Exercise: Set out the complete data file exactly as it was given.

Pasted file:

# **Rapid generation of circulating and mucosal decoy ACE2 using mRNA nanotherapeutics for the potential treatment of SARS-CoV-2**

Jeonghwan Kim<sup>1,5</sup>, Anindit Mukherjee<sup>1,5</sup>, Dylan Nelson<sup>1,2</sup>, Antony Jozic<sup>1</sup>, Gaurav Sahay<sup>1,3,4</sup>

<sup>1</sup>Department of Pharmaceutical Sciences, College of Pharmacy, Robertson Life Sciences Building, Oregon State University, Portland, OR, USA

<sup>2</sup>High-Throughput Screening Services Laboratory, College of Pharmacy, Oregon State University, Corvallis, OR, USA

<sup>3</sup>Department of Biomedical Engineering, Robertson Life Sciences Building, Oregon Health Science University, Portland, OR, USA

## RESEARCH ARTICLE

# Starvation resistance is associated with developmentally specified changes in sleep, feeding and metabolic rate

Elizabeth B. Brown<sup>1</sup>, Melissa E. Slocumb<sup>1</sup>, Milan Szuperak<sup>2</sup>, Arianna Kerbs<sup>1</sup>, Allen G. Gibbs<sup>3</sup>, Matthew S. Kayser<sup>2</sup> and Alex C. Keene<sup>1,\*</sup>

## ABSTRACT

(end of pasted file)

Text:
# **Rapid generation of circulating and mucosal decoy ACE2 using mRNA nanotherapeutics for the potential treatment of SARS-CoV-2**

Jeonghwan Kim<sup>1,5</sup>, Anindit Mukherjee<sup>1,5</sup>, Dylan Nelson<sup>1,2</sup>, Antony Jozic<sup>1</sup>, Gaurav Sahay<sup>1,3,4</sup>

<sup>1</sup>Department of Pharmaceutical Sciences, College of Pharmacy, Robertson Life Sciences Building, Oregon State University, Portland, OR, USA

<sup>2</sup>High-Throughput Screening Services Laboratory, College of Pharmacy, Oregon State University, Corvallis, OR, USA

<sup>3</sup>Department of Biomedical Engineering, Robertson Life Sciences Building, Oregon Health Science University, Portland, OR, USA

## RESEARCH ARTICLE

# Starvation resistance is associated with developmentally specified changes in sleep, feeding and metabolic rate

Elizabeth B. Brown<sup>1</sup>, Melissa E. Slocumb<sup>1</sup>, Milan Szuperak<sup>2</sup>, Arianna Kerbs<sup>1</sup>, Allen G. Gibbs<sup>3</sup>, Matthew S. Kayser<sup>2</sup> and Alex C. Keene<sup>1,\*</sup>

## ABSTRACT